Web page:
Voyageur Journal

winemaker

Viewing posts tagged winemaker

Smashable Stuff in SA!

Since returning home to Australia it has been nice to remove my sommelier hat for the first time in a decade and really just be a true consumer for a moment. Drinking wine without thinking about which restaurant it would go well in, what the consumer perception of it would be and at what price point it would be listed. Ive always believed that the golden rule of being a good sommelier is to never write a list with only wine you like to drink on it, you certainly don’t list wines you dislike, but you have to curb your own personal preference to a certain extent and look at wine with an unbiased eye, appreciate it for exactly what it is and understand that every consumer is different, whilst staying true to your own personal philosophies and knowing that there needs to be something on your list for everyone. I have always said that if I was going to write a wine list just for me it would be full of just Riesling and Pinot and that would be it, one day I secretly hope I get the opportunity to write that list…
After 10 years overseas, one of the most exciting things about being back in Australia is getting to try the wines of the producers that have emerged during this time, many of them producing such small quantities that they are not available outside the state they are made in let alone overseas.

Tom : Shobrook Wines

Tom : Shobrook Wines

I recently spent the weekend in South Australia, where there are some seriously exciting wines being produced. From Shobrook’s Tommy Ruff, a blend of Syrah and Mourvedre from the Barossa that wine maker Tom suggests is the perfect thing to drink whilst riding your bike home. To James Erskine of Jauma’s various incarnations of Grenache from McLaren Vale and a Chenin that I could deadest drink for the rest of my days and not complain.

Photo Credit: Julian Kingma

James : Jauma Photo Credit: Julian Kingma

Yes, these wines can be classified as natural and receive all of the adoration and or wrath that ensues, but for me, when considering the final product and what is in the glass first and foremost, before how it is made, these are wines I simply just want to drink. Guzzle in fact. They make me thirsty just thinking about them, and they are kind of wines I can’t wait to show and share with my friends. If that is not the purpose of good wine then I don’t know what is.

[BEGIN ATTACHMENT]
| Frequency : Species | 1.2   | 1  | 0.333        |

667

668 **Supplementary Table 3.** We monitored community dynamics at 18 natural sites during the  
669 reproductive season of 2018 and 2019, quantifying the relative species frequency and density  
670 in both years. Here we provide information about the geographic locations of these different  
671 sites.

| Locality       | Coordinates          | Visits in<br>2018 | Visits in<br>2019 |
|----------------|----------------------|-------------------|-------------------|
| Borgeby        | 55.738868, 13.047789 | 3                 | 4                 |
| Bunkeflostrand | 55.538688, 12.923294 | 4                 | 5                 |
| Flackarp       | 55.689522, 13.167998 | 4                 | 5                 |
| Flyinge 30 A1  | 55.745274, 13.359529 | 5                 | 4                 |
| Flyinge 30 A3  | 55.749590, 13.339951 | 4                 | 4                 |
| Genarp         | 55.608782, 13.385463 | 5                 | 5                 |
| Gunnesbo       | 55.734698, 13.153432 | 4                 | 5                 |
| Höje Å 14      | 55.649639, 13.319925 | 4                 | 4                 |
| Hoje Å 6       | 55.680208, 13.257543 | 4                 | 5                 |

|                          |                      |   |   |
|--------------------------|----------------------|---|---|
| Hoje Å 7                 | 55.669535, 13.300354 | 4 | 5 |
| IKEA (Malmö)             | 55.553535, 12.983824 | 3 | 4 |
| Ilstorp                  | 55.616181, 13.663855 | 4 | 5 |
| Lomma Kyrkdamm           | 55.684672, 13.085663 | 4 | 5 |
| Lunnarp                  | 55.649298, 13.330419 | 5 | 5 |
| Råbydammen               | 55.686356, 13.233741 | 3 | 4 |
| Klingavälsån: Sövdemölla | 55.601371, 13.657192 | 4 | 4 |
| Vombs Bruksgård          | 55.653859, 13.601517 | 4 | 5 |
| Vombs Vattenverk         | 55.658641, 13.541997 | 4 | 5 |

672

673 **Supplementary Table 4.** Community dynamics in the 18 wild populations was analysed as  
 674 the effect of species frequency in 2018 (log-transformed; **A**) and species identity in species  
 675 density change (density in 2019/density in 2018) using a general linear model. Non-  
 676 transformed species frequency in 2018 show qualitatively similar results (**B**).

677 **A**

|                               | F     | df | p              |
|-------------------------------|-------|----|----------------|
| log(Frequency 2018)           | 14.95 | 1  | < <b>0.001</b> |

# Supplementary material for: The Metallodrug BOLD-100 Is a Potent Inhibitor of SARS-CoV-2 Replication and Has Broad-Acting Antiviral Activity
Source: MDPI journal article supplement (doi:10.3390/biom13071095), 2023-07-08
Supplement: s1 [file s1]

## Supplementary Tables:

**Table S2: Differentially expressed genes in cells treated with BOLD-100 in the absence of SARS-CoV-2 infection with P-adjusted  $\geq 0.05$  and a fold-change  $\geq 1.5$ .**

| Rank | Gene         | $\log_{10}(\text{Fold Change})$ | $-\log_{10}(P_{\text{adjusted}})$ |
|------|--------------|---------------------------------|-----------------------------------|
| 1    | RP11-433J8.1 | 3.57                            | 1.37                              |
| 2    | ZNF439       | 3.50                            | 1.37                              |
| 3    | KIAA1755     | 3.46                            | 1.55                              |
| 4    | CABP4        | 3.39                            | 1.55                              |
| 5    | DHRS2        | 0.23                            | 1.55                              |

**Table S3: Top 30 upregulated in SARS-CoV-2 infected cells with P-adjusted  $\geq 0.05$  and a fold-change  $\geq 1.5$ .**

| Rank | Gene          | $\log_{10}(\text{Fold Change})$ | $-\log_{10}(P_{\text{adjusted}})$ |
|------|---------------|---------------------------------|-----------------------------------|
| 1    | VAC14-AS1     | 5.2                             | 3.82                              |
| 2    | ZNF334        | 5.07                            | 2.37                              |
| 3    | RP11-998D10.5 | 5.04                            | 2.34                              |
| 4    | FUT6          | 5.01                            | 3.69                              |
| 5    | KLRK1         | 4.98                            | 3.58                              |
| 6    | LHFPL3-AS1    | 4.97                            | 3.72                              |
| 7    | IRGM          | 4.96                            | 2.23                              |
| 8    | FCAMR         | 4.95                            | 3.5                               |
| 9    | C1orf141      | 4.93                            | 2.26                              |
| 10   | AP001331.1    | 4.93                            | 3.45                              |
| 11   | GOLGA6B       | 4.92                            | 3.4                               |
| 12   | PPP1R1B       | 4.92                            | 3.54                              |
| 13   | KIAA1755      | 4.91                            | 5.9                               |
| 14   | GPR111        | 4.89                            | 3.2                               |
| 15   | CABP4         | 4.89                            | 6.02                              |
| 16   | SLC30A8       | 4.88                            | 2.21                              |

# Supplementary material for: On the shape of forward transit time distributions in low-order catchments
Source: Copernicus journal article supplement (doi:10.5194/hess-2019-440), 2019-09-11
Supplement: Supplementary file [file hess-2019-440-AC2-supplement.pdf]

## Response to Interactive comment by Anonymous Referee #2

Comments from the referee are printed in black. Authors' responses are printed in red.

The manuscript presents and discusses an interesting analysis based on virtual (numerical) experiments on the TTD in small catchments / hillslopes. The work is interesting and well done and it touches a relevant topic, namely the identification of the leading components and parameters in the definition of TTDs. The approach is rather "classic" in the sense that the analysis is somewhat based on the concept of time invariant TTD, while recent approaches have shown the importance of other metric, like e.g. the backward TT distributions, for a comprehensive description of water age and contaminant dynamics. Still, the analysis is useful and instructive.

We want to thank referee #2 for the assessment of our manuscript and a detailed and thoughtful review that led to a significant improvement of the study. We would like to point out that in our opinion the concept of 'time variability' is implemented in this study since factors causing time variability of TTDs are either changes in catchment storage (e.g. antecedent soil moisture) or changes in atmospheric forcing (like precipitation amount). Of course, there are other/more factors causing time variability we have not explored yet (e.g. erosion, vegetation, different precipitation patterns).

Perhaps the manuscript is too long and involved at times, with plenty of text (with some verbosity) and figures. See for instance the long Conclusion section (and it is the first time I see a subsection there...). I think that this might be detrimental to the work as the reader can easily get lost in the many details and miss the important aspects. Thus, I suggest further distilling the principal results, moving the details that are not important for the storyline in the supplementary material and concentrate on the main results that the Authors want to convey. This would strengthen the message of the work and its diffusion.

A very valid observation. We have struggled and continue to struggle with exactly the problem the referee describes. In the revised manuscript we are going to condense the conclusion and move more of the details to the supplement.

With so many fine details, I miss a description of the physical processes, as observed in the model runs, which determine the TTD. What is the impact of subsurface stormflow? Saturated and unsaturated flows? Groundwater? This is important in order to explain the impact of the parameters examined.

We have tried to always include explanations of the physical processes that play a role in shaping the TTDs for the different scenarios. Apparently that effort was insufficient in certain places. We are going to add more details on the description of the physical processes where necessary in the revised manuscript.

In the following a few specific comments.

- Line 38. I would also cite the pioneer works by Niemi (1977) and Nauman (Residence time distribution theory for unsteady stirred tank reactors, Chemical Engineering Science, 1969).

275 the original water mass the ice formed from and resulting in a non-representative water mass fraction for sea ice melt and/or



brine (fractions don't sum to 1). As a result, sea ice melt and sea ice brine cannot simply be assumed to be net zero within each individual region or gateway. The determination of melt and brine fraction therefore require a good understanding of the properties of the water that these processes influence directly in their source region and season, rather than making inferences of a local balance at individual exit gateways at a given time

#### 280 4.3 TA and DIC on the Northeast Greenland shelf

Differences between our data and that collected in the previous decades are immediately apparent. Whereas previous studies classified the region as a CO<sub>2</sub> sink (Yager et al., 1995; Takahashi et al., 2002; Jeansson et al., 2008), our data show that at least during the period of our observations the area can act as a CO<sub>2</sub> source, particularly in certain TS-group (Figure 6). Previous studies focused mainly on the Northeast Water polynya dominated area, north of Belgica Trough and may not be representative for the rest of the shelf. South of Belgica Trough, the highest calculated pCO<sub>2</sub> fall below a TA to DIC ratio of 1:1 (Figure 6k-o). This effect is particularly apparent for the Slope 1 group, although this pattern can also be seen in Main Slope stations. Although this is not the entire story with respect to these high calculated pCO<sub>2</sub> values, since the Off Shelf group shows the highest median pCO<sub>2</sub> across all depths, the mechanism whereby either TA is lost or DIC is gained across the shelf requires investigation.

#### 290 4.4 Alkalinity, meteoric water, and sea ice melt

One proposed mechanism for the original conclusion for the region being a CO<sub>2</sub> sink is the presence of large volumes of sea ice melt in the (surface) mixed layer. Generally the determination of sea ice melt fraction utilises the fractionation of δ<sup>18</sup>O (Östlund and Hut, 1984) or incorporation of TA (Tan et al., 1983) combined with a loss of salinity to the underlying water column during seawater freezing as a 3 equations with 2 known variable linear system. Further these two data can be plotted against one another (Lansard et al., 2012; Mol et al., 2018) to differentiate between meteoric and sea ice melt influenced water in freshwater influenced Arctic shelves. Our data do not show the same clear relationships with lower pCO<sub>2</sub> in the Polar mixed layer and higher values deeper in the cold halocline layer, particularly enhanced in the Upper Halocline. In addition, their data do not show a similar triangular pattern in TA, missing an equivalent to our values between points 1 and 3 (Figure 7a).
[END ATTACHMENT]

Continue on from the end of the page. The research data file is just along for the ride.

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Gareth – Gentle Folk

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From the Basket Ranges enclave I am also loving the wines of Gentle Folk, who whilst at dinner I found myself reaching for time and time again. At less than a 1000 cases in total production, good luck getting your hands on some…its first in best dressed at there. The one producer of this special collection of humans that I did encounter towards the end of my time in Asia, were the wines of Lucy Margaux in Tokyo, where Anton the wine maker is seen as a demi-god to the natural wine drinking community with bottles of his wine selling faster than tickets to an ACDC concert in Adelaide. With their anime inspired labels, drawn by Anton’s daughter Lucy, their Japanese importer – Wine Diamonds – says they could sell 10 times the small allocation they receive, as I am sure could most sommeliers in Australia.

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Anton : Lucy Margaux

 

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Speaking of wines idolized in Japan, just down the road from Lucy Margaux we also visited Ochota Barrels who make my favourite Gewurztraminer in the country and seriously good Pinot Noir amongst many other delicious treats.

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Tarras : Ochota Barrels

 

Wine maker Tarras is such a legend that when the Rolling Stones came to town there was only one place they wanted to go after their ‘gig’, his place! Mick Jagger playing the piano in the winery…is next level. And that’s exactly what the wines being made from this awesome group of individuals are – next level.

I want to drink them all day, everyday and that’s that.

Cheers!

Kx

To buy these wines online (if you there is any left) head to their various websites:

http://www.shobbrookwines.com.au/

http://www.jauma.com/

https://gentlefolk.com.au/

http://www.lucymargauxvineyards.com/

http://ochotabarrels.com/

Importer #chitchat